After the failed snack scouting expedition, I got on with the next order of business — scouting for an M-Monochrom. And there one sat, inches from my grasp but locked inside a glass case. I asked to shoot with it. I was forbidden. I asked to touch it. I was forbidden. I attempted all forms of devious trickery and sleight of hand, but could not diminish Leica’s resolve. At one point, a store employee reached into the case to remove an S2 and accidentally brushed his hand across the M-Monochrom. I watched in horror as Brian Bell, Leica’s National Canadian Sales Manager, bludgeoned the poor fellow to death with a nearby chrome M9-P, then deftly wiped the blood from the camera before returning it to the shelf. Immediately, a team of dark-suited, red-tied “cleaners” descended on the scene, whisking away the body and any evidence of the crime. At least I think that’s what happened — I was feeling a bit faint from hunger at that point. In any event, I decided I best give up trying to get my hands on the M-Monochrom.
My third order of business was to meet Ted Grant, and at this I was successful. Ted’s sharp wit, charm and charisma were infectious. I was particularly honored when Ted pulled me away from the crowd and into another room, where he extracted his latest book from a cavernous pocket within his photography vest and handed it to me for my perusal. I spent a good thirty minutes looking through it, and each time I paused to admire one of Ted’s excellent photos, he would tell me a little about the shot — how he got it, and the circumstances surrounding it. For a documentary-style photographer like myself, there is nothing better than having a wiser, more experienced and better documentary photographer share his stories — particularly one who’s as sagacious as Ted Grant.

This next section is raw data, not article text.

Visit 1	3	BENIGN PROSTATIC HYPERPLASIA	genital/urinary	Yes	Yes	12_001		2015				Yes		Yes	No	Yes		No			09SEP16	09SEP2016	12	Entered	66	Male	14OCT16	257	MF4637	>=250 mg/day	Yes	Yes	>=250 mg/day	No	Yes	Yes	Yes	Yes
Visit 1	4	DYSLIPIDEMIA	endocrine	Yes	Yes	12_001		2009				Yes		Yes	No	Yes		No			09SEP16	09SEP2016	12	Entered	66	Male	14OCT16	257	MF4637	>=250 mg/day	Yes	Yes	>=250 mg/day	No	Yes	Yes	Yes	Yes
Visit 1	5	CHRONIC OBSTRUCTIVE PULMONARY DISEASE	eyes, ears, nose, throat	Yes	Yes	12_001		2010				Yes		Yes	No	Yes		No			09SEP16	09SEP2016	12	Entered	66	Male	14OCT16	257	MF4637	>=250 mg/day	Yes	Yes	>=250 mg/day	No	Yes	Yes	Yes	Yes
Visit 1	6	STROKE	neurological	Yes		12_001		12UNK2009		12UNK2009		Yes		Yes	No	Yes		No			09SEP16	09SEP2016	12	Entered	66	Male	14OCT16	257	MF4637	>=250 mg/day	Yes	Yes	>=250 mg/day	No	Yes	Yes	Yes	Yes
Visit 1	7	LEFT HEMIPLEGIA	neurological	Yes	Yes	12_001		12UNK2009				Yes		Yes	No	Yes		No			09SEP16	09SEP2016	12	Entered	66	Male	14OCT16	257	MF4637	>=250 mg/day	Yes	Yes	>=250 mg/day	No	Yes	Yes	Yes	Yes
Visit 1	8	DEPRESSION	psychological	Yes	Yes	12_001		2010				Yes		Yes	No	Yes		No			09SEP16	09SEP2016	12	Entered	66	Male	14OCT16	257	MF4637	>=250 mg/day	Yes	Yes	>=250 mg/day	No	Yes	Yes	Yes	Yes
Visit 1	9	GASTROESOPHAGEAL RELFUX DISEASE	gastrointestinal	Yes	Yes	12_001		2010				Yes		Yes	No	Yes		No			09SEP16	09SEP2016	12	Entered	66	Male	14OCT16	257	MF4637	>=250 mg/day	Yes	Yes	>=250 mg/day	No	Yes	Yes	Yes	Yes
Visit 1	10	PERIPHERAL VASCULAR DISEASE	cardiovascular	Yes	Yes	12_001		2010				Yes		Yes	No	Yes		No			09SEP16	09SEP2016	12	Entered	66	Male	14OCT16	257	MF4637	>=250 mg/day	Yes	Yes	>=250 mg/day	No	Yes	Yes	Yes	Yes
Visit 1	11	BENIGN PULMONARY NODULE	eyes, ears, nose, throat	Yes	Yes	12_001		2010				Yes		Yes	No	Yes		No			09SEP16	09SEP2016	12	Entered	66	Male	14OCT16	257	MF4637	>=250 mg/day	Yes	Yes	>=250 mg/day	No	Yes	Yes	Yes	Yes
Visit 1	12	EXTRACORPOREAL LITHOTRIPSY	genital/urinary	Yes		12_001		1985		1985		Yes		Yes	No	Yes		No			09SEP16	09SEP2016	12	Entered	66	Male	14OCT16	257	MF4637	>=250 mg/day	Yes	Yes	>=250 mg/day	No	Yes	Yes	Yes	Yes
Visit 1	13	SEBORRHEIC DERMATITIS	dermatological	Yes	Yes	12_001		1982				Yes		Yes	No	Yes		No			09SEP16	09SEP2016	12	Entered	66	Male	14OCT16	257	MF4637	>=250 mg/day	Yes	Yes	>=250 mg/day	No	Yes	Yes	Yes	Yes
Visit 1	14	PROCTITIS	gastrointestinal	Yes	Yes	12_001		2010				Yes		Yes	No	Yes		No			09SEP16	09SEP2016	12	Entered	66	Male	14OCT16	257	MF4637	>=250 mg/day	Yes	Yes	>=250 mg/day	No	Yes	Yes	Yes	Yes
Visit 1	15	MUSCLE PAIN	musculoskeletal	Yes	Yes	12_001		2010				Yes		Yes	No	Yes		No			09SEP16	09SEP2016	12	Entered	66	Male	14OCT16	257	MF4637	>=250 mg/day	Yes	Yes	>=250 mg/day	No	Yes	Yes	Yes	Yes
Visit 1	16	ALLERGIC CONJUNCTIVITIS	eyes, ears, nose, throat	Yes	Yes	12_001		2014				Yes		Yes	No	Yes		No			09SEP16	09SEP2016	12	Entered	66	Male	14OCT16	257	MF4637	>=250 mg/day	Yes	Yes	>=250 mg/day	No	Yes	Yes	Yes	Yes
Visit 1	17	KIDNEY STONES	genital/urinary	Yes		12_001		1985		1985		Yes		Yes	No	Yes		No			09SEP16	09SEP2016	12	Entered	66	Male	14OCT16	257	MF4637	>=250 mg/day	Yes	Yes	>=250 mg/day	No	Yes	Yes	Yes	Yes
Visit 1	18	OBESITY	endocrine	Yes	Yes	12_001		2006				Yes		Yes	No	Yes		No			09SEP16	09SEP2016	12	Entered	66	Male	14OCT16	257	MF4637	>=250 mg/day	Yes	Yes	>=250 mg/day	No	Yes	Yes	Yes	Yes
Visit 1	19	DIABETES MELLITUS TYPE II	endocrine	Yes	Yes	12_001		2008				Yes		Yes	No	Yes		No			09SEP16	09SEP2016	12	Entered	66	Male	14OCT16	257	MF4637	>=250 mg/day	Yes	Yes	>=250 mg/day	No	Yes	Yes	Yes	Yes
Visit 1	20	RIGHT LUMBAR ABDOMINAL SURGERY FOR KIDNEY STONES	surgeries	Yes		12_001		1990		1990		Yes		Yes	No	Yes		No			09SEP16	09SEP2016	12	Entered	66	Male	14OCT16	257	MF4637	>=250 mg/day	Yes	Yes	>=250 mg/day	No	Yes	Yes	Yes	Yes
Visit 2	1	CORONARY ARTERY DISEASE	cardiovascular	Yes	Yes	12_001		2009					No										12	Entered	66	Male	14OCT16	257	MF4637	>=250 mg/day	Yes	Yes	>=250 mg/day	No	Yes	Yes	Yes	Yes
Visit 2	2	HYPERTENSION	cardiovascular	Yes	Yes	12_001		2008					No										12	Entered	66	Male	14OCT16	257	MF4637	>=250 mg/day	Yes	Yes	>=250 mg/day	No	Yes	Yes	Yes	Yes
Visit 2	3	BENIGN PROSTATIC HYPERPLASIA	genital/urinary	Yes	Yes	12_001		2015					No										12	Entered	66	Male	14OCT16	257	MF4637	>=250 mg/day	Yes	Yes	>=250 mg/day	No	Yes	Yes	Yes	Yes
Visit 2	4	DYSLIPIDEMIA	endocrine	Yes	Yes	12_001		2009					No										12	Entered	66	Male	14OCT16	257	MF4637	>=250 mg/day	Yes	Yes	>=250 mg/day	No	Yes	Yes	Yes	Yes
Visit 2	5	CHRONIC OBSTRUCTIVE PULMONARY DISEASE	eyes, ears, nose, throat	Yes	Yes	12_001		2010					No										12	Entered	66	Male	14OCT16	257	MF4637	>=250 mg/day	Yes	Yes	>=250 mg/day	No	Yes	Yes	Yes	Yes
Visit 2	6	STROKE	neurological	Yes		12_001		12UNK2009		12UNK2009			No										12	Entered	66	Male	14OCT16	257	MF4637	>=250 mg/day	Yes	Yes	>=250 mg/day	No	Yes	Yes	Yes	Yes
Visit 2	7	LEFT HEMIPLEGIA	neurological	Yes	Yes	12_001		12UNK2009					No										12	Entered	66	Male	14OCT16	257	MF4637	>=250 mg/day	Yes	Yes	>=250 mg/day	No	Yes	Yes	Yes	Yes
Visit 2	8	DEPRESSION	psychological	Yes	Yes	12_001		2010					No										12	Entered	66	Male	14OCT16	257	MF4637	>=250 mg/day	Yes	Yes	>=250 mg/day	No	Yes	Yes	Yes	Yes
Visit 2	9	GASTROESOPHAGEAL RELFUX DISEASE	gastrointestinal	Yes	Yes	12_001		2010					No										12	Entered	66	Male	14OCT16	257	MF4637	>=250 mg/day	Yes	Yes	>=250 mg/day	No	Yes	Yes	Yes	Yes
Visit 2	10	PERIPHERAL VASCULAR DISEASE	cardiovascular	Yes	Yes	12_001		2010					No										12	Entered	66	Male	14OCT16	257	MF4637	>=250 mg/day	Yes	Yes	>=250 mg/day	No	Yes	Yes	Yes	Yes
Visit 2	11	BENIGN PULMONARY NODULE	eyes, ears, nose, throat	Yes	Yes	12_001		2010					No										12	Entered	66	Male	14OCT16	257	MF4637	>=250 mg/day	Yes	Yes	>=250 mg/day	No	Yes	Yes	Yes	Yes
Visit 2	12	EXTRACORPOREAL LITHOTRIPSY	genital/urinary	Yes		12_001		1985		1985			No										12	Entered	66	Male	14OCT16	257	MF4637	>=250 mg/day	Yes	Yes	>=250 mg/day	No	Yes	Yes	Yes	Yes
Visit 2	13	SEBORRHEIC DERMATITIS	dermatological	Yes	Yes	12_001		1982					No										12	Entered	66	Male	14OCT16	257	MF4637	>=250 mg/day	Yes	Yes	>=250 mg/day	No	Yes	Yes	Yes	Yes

Returning to the noshless soirée, I pointed out the M-Monochrom to Ted and was nearly blinded by the twinkle that formed in his eye. He wanted this camera as much as I did. I watched — like a pupil watches his master — as Ted sidled up to Brian Bell and unleashed a flurry of wit, charm and subterfuge in an all-out attempt to convince him to extract the M-Monochrom from its glass coffin. No dice. Even Ted Grant, the “father of Canadian photojournalism,” couldn’t puncture the impenetrable wall… but it was still an honor to watch him try.
If you’re a serious documentary photographer then, in all likelihood, you will eventually succumb to the lure of the Leica. Standing there in the Leica Boutique at the back of Broadway Camera, I realized that no matter how jaded one is — or how manly, ragged, rugged, cynical or insolvent — each of us will one day find ourselves walking incongruously into a space we never expected to be — a boutique. I suggest we all just “go with it.” It’s actually a rather pleasant place.
©2012 grEGORy simpson
ABOUT THIS STORY: There is a slight possibility that, for the sake of entertainment, some events may have been fictionalized ever-so-slightly in the telling — but only a tiny bit.
ABOUT THESE PHOTOS: I can tell you that these shots were taken with a Leica M9 using either a 28mm f/2 Summicron or a v5 50mm f/2 Summicron. I can also tell you there weren’t really a whole lot of shots to choose from. Ostensibly I was there to shoot photos for the Leica Blog, but I had so much fun talking to Leica sales personnel, Broadway Camera staff, various customers and, of course, Ted Grant that I sort of neglected that responsibility. Oh well, it’s not like they fed me or anything…